Born on Feb. 19, 1473, in Thorn (Torun), Poland, Nicolaus Copernicus was destined to become, through the publication of his heliocentric theory 70 years later, one of the seminal figures in the history of scientific thought. The son of a prosperous merchant, he was raised after his father’s death by a maternal uncle, who enabled him to enter the University of Krakow, then famous for its mathematics, philosophy, and astronomy curriculum. This experience stimulated the young Copernicus to study further liberal arts at Bologna (1496-1501), medicine at Padua, and law at the University of Ferrara, from which he emerged in 1503 with the doctorate in canon law. Shortly afterward he returned to Poland and eventually settled permanently at the cathedral in Frauenberg (Frombork), less than 100 miles from his birthplace. Through his uncle’s influence he had been elected a canon of the church even before his journey to Italy. Copernicus not only faithfully performed his ecclesiastical duties, but also practiced medicine, wrote a treatise on monetary reform, and turned his attention to a subject in which he had long been interested - astronomy.
By May 1514 Copernicus had written and discreetly circulated in manuscript his Commentariolus, the first outline of those arguments eventually substantiated in De revolutionibus orbium coelestium (On the Revolutions of the Heavenly Spheres, 1543). This classic work challenged the geocentric cosmology that had been dogmatically accepted since the time of Aristotle. In direct opposition to Aristotle and to the 2d-century astronomer Ptolemy, who enunciated the details of the geocentric system based on the celestial phenomena, Copernicus proposed that a rotating Earth revolving with the other planets about a stationary central Sun could account in a simpler way for the same observed phenomena of the daily rotation of the heavens, the annual movement of the Sun through the ecliptic, and the periodic retrograde motion of the planets.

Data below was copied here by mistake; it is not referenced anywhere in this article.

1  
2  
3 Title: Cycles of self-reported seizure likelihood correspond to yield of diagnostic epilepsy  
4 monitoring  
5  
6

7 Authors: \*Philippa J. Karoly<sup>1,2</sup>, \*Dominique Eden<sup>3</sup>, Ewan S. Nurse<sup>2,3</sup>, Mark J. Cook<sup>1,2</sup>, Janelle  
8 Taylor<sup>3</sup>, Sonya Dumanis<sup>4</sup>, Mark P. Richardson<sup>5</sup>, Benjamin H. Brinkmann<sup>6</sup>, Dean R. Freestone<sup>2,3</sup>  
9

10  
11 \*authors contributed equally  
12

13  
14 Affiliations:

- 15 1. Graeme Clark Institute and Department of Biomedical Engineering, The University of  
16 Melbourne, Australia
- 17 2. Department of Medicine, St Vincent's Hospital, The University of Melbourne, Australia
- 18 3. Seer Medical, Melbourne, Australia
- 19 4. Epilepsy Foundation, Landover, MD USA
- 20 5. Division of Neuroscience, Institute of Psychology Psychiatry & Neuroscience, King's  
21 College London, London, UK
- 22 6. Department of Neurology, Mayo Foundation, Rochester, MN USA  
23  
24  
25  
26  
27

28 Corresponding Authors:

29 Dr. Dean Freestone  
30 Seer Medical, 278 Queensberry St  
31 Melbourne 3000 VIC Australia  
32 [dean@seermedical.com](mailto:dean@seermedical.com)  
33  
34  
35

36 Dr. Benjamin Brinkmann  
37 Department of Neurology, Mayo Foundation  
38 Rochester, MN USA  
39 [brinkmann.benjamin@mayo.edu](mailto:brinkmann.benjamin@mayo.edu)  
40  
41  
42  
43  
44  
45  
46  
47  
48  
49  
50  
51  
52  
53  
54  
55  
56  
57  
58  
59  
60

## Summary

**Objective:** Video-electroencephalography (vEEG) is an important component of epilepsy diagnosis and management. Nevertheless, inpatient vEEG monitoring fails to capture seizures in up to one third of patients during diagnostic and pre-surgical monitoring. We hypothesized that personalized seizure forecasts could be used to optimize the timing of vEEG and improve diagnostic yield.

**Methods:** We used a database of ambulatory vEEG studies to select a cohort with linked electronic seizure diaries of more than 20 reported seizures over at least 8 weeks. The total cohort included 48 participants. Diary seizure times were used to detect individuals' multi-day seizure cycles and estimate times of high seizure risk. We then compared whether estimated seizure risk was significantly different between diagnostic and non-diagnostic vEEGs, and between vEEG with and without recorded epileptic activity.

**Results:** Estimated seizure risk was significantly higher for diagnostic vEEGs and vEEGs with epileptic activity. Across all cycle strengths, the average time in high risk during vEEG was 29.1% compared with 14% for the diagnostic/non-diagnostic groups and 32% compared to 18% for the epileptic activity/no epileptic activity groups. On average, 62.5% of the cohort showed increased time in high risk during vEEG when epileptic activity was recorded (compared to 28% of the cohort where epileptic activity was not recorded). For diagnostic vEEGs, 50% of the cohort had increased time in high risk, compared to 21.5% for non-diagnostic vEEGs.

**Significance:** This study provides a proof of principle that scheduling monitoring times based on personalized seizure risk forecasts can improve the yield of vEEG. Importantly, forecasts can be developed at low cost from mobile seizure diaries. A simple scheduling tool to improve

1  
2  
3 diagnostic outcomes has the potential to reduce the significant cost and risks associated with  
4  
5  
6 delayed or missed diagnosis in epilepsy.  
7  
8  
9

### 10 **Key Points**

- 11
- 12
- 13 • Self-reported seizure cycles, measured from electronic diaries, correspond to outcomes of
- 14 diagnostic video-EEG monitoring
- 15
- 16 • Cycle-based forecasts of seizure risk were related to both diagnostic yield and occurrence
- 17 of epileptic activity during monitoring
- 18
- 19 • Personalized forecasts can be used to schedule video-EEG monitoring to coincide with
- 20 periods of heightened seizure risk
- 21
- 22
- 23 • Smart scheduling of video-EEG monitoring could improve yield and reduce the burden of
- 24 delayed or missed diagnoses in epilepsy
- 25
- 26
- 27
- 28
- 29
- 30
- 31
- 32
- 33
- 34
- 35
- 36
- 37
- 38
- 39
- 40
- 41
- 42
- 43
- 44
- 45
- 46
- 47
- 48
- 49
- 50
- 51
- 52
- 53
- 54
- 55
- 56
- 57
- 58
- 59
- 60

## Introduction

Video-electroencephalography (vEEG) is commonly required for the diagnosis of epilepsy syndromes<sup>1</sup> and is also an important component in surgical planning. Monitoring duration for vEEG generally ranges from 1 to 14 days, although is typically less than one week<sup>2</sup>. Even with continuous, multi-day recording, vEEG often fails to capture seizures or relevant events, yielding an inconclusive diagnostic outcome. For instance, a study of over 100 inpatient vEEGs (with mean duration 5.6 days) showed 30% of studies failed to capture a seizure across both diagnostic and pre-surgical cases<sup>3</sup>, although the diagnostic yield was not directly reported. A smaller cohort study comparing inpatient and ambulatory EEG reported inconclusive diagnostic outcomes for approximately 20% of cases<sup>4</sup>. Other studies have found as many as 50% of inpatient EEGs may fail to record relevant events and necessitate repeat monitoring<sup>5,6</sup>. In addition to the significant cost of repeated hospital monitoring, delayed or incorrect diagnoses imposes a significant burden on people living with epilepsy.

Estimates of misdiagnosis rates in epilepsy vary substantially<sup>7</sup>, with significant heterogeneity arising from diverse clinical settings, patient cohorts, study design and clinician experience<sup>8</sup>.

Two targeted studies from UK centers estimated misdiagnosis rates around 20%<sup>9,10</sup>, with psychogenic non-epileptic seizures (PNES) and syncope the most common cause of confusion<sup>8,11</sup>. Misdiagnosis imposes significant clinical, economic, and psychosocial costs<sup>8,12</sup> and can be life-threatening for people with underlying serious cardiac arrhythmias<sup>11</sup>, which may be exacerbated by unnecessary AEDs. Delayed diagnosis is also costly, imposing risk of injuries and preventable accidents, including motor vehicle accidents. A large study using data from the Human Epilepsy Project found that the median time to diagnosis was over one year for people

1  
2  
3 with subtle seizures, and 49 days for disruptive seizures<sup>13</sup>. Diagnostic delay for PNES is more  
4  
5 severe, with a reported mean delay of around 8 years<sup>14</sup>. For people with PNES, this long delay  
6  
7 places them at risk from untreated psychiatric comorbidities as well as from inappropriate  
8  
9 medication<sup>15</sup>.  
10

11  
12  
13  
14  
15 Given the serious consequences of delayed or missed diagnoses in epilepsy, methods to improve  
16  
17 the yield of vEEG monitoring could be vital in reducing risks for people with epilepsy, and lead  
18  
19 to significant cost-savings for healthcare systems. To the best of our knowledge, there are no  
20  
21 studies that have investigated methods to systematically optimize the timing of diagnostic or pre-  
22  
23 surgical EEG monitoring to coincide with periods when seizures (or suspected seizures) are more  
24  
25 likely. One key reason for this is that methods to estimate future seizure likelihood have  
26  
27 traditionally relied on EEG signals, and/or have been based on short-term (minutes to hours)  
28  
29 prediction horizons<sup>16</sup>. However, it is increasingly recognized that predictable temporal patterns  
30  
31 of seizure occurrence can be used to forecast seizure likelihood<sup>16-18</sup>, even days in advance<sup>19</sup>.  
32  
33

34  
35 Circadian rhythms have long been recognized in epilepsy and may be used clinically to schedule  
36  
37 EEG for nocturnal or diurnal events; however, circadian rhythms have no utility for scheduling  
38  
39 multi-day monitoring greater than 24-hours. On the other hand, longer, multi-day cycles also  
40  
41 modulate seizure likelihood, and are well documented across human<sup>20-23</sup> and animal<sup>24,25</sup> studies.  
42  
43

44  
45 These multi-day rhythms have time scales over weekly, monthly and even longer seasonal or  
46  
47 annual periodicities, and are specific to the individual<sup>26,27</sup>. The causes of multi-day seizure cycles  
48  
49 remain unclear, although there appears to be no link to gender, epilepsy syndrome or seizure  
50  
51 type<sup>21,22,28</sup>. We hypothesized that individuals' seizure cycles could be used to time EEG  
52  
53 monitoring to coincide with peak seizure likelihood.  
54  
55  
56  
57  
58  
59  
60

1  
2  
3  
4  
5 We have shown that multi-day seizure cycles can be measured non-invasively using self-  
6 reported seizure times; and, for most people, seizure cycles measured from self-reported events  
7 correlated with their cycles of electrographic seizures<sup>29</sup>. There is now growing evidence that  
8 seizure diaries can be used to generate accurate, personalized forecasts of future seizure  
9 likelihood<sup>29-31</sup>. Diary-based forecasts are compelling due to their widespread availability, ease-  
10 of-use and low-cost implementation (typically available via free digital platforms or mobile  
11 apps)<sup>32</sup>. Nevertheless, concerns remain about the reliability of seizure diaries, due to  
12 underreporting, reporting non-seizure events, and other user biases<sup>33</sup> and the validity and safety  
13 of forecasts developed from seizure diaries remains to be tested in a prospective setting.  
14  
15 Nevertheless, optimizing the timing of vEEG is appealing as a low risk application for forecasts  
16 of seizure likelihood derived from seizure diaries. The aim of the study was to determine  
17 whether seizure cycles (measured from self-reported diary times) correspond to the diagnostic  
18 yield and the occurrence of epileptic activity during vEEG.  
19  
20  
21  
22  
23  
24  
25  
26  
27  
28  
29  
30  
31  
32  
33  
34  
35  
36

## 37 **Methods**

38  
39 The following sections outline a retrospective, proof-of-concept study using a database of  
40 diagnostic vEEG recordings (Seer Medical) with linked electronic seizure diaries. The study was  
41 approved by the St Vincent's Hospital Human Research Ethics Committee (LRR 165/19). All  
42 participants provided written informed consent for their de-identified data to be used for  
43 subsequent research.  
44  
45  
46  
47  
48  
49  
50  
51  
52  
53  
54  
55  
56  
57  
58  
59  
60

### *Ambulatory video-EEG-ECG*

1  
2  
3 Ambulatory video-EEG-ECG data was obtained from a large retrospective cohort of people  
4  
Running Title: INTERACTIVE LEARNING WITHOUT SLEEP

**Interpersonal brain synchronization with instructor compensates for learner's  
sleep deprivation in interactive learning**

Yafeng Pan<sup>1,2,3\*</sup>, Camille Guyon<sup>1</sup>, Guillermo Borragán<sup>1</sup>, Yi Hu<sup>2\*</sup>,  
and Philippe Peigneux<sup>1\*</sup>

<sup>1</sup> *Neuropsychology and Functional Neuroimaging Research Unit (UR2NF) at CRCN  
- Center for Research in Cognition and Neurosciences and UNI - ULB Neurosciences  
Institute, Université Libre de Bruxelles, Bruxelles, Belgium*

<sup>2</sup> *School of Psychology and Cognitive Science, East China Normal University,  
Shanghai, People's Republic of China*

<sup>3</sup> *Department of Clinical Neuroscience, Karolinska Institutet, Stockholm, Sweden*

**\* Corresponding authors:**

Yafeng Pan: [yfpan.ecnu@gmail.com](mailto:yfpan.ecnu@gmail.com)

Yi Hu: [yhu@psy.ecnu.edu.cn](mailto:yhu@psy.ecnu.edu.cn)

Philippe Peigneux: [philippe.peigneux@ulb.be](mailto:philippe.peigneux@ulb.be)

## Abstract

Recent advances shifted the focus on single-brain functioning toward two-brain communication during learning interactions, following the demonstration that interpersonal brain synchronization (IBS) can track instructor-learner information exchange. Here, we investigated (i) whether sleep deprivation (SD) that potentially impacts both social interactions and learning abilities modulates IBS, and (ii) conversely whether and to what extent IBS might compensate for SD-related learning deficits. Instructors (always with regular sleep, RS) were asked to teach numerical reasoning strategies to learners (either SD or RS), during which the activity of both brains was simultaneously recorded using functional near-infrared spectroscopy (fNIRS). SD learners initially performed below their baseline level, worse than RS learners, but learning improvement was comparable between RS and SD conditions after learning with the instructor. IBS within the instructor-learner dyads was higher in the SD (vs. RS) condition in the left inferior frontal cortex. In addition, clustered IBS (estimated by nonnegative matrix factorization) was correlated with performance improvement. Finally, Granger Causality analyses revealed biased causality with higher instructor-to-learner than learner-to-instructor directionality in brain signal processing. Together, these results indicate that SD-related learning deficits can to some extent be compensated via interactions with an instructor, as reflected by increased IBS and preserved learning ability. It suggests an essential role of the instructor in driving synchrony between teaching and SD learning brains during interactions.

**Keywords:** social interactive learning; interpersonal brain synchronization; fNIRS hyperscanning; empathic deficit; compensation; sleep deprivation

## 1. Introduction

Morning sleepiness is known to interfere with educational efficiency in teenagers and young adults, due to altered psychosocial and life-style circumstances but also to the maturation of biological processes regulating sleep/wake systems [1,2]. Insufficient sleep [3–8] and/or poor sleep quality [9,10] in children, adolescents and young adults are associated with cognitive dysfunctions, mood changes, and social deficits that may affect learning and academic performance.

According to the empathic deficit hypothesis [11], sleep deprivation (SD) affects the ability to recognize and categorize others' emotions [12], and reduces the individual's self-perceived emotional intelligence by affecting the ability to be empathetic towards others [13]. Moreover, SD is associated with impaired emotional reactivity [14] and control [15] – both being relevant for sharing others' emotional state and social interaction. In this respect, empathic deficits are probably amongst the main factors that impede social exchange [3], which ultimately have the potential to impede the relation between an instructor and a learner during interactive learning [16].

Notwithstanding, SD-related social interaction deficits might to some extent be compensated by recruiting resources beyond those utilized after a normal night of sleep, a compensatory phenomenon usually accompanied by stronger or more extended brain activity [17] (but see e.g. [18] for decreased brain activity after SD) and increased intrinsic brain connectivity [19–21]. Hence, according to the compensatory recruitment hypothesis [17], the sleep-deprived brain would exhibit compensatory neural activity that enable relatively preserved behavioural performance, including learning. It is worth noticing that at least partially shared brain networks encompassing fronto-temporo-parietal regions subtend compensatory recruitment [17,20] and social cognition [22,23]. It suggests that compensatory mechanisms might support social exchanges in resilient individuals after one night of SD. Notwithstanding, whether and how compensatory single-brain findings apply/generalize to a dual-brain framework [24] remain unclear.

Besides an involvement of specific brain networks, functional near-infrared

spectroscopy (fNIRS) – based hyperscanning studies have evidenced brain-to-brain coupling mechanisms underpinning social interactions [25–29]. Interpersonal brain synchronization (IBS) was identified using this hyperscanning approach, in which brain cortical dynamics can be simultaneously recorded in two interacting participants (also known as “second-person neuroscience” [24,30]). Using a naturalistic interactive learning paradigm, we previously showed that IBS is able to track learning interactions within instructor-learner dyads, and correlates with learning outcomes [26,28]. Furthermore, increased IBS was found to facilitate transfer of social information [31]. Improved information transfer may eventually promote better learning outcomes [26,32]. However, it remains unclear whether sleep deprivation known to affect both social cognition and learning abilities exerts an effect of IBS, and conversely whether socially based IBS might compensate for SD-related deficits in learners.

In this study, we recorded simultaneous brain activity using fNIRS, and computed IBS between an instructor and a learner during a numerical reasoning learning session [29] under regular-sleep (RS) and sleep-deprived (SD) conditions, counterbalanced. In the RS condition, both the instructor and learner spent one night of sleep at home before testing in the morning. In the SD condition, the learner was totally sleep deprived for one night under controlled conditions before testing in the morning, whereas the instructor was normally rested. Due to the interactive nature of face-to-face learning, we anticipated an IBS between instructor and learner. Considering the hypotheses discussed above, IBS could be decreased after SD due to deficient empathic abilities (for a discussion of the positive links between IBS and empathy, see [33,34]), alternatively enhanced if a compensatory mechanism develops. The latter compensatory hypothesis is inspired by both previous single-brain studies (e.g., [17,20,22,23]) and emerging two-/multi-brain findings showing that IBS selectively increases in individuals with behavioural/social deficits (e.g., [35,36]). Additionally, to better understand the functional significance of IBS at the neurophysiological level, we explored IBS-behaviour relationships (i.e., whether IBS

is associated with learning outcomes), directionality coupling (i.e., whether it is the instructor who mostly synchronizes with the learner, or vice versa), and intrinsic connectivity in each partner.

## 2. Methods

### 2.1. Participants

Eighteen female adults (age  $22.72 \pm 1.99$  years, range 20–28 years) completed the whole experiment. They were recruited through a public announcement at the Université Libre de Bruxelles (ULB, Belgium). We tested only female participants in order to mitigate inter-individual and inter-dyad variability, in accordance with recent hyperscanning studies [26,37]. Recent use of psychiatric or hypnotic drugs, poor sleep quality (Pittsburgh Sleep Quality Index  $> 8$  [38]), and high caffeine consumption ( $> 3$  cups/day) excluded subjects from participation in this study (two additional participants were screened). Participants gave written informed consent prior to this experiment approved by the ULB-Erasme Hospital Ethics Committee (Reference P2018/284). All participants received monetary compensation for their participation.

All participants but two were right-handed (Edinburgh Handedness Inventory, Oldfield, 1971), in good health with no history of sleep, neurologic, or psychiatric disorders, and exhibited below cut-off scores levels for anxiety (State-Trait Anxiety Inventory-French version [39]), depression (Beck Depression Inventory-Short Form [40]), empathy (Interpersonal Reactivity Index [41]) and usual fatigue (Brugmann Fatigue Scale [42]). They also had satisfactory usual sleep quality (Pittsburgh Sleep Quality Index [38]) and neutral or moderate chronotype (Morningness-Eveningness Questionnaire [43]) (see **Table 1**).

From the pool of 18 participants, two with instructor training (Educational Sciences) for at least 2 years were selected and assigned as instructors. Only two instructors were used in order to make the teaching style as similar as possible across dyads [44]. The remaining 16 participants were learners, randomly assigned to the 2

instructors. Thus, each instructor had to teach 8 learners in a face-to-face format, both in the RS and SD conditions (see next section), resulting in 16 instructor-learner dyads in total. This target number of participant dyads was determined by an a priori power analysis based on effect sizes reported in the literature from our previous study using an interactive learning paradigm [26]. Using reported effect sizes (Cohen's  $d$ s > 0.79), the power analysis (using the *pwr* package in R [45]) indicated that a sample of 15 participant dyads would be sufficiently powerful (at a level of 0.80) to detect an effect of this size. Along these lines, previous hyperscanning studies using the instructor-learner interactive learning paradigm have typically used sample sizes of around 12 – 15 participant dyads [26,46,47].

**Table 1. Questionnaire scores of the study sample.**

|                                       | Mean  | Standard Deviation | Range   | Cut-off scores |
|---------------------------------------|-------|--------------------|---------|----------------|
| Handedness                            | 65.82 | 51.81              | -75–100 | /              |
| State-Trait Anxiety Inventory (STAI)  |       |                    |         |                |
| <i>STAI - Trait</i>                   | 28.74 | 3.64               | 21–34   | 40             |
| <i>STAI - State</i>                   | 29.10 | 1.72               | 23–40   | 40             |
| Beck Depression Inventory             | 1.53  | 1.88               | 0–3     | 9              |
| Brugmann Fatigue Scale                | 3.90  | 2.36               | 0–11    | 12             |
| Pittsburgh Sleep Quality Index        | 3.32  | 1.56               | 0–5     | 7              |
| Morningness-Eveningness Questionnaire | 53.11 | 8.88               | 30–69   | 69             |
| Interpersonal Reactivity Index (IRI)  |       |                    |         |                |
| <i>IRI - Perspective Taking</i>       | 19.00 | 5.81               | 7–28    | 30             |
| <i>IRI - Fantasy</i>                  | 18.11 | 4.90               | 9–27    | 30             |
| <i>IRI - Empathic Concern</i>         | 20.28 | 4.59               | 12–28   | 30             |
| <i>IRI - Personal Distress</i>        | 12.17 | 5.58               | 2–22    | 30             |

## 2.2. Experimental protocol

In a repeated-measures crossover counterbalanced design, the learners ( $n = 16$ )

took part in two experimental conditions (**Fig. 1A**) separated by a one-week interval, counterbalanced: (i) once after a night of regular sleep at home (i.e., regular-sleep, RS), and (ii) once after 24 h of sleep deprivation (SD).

Anticipated in various aspects by the Pythagoreans and ARISTARCHUS OF SAMOS (with whom he was familiar), and by the Muslim astronomer Ibn al-Shatir and certain Christian writers (whose ideas there is no conclusive evidence he knew), the new theory that Copernicus espoused in De revolutionibus exhibits a peculiar mixture of both radical and conservative elements. In the midst of his radical reordering of the structure of the universe, Copernicus still adhered to the ancient Aristotelian doctrines of solid celestial spheres and perfect circular motion of heavenly bodies, and he held essentially intact the entire Aristotelian physics of motion. Moreover, with significant innovations, he clung to the Ptolemaic representation of planetary motion by means of complicated combinations of circles called epicycles. Although Copernicus realized that his theory implied an enormous increase in the size of the universe, he declined to pronounce it infinite.
These aspects of the Copernican treatise do not mitigate the novelty or the impact of the final theory, or the author’s firm conviction that his system was an accurate representation of physical reality. Rather, they indicate the scope of the work that lay ahead and that was effectively addressed in the next century when Kepler determined the ellipticity of planetary orbits, Galileo formulated his new concept of motion, and Newton espoused his theory of universal gravitation.
The enunciation of the heliocentric theory by Copernicus marked the beginning of the scientific revolution, and of a new view of a greatly enlarged universe. It was a shift away from the comfortable anthropocentrism of the ancient and medieval world. A scientific theory that reflected so profoundly on humanity was not welcomed by the church, and it was only after the publication (1540) of Narratio prima (A First Account), by an enthusiastic supporter named Rheticus, that the aged Copernicus agreed to commit to print the theory already outlined in 1514. An undocumented, but often repeated, story holds that Copernicus received a printed copy of his treatise on his deathbed. He died on May 24, 1543.